In their natural environment, elephants are highly social animals who live in multigenerational matriarchal herds. These tight-knit families work cooperatively to defend one another, search for food, and care for offspring—even receiving help from “babysitters” within the herd. Elephants talk among themselves, make group decisions, and celebrate achievements and momentous occasions.
Elephants also have elaborate mourning rituals, often remaining by their dead companions for days on end. Groups of elephants have been observed stroking and examining the bones of family members, offering condolences to one another, and “burying” the body with twigs and grass. When an elephant was killed by a train in eastern India, 15 elephants returned to the tracks for days on end in what appeared to be a mourning ritual or a distraught effort to avenge the death of their family member.
Elephants often assist ailing family members and attempt to nurse them back to health. One researcher recalled watching as an elephant family frantically tried to revive a group member who had been shot, lifting her up with their tusks, pushing her, and even stuffing food into her mouth.
Experts have also determined that elephants offer consolation to individuals who are in distress. Animal behaviorists observing a herd of elephants found that when one member showed signs of distress, others rushed over, cooing softly and stroking the upset animal.
PETA entities worldwide have helped get numerous elephants removed from miserable circumstances—including all 16 elephants formerly “owned” by the notorious Hawthorn Corporation, which rents animals to circuses—and are working hard in behalf of many others.
PETA Asia is currently campaigning to help free Mali the elephant, who is being held in solitary confinement at the Manila Zoological and Botanical Garden.
Last year, PETA India won its multiyear battle to free a young elephant named Sunder from a temple where he was used as a living begging bowl. He spent almost 24 hours a day immobilized by chains in a dark shed and was severely beaten by his young trainer (or mahout), bearing numerous scars to prove it. Thousands of people around the world took online actions calling for Sunder’s release, and numerous celebrities—including Paul McCartney and Pamela Anderson—spoke out on Sunder’s behalf. PETA India sued for Sunder’s freedom, and the Supreme Court of India ruled in Sunder’s favor—a huge coup.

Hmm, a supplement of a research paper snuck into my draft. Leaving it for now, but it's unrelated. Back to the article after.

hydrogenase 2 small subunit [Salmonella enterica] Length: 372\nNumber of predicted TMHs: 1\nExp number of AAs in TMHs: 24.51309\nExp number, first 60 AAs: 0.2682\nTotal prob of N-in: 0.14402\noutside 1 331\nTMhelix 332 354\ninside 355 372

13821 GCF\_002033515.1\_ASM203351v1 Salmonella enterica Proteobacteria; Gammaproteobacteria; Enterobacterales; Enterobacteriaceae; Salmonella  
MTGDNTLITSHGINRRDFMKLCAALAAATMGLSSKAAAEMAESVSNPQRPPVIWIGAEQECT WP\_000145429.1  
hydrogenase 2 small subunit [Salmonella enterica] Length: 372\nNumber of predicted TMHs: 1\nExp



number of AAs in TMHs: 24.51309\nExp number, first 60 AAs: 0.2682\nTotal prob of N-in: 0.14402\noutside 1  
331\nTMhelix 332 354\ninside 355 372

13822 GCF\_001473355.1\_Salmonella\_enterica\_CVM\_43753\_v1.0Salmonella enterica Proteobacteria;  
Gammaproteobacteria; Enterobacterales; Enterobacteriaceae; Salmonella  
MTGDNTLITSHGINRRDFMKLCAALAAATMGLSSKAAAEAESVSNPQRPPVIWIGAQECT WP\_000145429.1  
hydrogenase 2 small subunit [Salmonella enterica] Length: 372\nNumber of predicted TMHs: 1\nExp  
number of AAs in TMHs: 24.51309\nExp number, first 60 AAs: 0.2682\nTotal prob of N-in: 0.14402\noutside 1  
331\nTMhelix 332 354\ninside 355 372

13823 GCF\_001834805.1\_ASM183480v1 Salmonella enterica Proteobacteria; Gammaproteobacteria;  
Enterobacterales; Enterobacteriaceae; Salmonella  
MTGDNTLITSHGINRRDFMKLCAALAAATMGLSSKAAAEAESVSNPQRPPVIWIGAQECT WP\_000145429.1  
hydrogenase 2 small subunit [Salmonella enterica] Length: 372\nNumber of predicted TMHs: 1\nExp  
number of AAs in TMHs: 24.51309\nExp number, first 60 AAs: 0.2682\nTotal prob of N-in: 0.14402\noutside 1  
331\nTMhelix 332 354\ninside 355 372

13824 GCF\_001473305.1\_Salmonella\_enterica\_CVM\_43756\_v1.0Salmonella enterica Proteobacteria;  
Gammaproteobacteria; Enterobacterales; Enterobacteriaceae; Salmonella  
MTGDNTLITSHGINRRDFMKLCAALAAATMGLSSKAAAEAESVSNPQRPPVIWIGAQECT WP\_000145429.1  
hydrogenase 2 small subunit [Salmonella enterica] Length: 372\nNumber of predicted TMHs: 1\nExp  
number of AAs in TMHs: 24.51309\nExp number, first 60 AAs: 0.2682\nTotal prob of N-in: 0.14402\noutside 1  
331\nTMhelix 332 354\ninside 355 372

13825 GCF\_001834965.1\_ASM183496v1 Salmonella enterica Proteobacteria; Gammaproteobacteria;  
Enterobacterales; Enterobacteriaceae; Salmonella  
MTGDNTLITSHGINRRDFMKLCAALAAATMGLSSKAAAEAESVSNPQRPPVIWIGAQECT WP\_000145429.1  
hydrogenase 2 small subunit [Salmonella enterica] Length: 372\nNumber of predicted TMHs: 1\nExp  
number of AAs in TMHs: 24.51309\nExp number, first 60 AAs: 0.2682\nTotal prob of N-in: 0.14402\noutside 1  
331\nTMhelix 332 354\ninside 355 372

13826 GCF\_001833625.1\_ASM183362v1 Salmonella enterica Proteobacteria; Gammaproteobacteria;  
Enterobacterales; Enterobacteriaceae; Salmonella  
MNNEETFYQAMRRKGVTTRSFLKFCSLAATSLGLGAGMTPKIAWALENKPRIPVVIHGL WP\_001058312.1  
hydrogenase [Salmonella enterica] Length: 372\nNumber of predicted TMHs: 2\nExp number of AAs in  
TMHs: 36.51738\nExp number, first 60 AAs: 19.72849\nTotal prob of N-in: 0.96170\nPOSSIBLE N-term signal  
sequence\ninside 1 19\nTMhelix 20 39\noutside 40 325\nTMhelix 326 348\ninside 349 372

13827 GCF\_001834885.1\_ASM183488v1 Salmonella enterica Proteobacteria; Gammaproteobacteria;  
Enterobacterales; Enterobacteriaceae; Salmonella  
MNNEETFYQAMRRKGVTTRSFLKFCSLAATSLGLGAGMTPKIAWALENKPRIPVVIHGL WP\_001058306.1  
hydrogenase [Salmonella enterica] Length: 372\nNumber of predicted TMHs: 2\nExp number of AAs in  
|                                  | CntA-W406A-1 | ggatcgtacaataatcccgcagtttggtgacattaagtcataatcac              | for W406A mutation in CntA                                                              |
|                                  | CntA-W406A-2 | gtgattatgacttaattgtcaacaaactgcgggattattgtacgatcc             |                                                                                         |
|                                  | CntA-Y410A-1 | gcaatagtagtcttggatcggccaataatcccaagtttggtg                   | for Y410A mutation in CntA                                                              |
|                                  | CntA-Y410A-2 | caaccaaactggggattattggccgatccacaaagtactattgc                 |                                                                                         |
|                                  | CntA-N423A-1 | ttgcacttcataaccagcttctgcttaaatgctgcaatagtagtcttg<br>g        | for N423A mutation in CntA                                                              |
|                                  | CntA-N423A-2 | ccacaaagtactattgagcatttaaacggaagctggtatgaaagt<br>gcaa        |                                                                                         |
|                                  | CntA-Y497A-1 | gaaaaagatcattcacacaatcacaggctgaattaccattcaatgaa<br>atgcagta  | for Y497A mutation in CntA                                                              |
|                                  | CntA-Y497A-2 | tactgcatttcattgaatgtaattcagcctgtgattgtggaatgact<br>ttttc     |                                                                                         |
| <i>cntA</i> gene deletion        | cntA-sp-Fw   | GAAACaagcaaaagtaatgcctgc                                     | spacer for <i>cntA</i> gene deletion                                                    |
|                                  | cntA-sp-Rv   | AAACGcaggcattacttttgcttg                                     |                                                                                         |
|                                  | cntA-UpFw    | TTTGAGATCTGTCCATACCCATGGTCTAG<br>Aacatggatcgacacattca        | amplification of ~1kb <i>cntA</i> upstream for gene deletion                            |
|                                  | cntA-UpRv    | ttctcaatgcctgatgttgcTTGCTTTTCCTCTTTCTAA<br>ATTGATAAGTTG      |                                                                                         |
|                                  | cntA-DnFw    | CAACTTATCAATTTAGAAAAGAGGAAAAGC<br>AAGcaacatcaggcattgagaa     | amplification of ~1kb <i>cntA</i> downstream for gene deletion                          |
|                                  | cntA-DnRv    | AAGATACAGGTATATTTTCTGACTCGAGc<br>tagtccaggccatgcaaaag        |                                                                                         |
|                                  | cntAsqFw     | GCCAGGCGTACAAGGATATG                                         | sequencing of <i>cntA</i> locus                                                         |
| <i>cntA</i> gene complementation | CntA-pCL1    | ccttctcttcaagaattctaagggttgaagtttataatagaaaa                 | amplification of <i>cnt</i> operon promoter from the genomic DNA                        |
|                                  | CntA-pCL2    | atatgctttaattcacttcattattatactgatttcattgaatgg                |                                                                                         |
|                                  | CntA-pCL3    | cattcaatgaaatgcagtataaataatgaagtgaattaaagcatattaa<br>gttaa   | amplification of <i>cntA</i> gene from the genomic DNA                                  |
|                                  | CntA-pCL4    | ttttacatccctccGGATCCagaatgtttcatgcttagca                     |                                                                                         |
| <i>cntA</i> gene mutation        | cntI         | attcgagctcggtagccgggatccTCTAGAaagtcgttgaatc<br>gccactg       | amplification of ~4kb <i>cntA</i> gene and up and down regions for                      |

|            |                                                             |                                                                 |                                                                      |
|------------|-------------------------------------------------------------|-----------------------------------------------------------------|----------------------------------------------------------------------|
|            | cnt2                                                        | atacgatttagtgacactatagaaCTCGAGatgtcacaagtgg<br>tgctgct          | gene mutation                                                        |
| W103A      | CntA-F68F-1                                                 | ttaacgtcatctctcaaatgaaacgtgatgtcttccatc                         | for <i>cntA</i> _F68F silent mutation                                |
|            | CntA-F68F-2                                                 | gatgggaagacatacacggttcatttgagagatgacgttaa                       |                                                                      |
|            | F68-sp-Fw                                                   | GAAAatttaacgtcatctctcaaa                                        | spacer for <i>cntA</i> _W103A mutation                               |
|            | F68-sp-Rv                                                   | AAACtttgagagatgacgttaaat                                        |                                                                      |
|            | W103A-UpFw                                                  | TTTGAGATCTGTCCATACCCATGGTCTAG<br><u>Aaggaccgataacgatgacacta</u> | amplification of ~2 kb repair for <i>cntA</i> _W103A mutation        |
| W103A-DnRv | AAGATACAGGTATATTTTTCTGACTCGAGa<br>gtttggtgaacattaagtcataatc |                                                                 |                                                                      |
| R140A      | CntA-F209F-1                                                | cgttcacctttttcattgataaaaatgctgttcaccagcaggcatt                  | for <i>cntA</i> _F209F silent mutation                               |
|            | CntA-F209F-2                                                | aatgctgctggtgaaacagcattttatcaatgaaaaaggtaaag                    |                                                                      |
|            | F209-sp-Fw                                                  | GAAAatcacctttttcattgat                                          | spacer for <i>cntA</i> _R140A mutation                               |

Through the generosity of the late Sam Simon—one of television’s most successful producers and a PETA benefactor, after whom our Norfolk headquarters is named—Sunder was sent to a lush, tropical wildlife reserve where he has free run of the park’s forests, streams, and ponds. Recently, thanks to PETA India, the park finished putting up 122 acres of solar fencing, and Sunder and his new herd will be able to roam a vast open space. This is a first for India!
Sunder, who knew nothing but loneliness and misery for years, now loves and enjoys bathing and playing with his new family of 13 other elephants.
We’re confident that the day will come when images of elephants in chains are looked upon as a shameful relic of history. Thank you for helping to stop the abuse of these sensitive, majestic animals through your generous support of PETA!
This article was originally published in PETA’s Augustus Club newsletter. PETA’s Augustus Club is a complimentary club honoring those who are leaving a legacy for animals through a planned gift to PETA. If you have made a planned gift to PETA, please let us know so that we can thank you! If you have not yet left a legacy for animals but would like information on how to do so, please contact us.